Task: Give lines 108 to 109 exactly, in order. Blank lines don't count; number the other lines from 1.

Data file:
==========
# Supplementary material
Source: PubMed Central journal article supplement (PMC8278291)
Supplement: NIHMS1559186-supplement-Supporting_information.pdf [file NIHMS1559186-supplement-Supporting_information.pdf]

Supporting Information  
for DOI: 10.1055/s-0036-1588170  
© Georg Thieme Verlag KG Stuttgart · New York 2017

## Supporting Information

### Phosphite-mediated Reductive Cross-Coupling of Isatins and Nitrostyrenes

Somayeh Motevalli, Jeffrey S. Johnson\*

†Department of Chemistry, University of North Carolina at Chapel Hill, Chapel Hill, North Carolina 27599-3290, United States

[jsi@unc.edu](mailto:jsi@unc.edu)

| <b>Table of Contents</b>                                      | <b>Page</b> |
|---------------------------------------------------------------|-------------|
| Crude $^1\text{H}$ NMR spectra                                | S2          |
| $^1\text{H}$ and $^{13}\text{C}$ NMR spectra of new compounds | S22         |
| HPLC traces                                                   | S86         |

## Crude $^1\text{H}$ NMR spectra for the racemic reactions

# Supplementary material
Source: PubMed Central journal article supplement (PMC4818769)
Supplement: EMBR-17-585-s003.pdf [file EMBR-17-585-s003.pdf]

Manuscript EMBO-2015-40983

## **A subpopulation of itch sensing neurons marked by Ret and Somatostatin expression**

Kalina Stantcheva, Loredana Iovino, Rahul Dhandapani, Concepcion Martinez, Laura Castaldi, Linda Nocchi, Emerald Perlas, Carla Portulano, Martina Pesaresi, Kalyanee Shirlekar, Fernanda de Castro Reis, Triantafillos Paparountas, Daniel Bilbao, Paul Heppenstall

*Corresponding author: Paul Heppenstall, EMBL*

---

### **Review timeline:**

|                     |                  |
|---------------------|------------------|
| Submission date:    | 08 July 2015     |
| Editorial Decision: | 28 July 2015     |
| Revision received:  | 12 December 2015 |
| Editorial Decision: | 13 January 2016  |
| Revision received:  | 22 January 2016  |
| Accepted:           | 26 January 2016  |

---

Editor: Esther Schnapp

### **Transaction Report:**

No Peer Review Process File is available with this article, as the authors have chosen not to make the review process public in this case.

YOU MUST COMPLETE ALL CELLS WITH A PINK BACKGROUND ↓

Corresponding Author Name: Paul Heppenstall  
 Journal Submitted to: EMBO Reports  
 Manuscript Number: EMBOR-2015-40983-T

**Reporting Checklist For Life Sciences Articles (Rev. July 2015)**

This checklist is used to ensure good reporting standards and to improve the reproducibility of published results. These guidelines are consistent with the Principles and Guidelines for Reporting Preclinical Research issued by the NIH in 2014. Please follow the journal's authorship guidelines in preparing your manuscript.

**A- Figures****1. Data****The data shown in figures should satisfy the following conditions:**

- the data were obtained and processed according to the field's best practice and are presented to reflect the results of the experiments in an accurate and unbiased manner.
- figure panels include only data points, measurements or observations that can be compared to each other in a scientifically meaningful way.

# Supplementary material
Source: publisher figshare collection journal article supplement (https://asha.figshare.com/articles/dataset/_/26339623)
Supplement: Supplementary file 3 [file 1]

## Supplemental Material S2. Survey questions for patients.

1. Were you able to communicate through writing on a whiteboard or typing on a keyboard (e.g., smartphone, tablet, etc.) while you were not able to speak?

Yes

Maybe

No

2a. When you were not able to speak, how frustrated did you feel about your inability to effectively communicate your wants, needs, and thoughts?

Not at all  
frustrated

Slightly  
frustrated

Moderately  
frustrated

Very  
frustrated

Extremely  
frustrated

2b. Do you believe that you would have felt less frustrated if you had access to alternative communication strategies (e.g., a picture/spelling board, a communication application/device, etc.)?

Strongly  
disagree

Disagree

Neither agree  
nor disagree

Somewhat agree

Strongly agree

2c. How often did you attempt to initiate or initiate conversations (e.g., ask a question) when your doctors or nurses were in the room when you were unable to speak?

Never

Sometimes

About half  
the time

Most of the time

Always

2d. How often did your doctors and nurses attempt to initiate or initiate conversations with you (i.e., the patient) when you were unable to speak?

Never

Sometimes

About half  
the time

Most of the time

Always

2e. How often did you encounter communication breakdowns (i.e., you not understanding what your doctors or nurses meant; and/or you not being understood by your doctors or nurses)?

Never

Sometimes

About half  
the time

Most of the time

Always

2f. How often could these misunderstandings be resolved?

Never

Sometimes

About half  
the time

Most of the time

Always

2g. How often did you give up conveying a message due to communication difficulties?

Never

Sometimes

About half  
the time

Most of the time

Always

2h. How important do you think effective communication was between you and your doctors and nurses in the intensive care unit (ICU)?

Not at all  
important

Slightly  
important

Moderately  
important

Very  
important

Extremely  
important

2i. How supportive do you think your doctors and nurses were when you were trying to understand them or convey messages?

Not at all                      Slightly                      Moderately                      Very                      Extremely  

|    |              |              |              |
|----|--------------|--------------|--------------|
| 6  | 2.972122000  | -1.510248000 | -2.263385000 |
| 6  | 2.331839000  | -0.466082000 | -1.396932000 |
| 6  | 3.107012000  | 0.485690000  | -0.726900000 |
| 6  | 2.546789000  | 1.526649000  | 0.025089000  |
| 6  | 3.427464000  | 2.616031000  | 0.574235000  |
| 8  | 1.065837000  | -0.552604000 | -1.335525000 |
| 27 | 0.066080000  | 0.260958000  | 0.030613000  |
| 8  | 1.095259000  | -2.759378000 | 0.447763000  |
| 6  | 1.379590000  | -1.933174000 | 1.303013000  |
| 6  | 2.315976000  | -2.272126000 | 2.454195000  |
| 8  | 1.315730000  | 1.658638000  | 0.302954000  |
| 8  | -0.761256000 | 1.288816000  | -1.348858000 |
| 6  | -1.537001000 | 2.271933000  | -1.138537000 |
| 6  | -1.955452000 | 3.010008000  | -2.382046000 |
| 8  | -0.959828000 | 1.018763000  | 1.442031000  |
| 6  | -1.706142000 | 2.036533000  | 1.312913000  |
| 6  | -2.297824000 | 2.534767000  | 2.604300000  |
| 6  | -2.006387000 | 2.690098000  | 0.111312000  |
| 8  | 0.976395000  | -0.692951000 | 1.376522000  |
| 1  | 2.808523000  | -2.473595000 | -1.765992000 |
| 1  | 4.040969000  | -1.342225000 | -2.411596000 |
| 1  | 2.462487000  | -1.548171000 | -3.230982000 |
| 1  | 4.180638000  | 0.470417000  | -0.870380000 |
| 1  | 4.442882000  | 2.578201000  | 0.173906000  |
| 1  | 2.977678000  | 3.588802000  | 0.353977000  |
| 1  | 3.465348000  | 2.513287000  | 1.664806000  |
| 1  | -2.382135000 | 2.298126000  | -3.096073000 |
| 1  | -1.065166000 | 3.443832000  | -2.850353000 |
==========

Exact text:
Most of the time

Always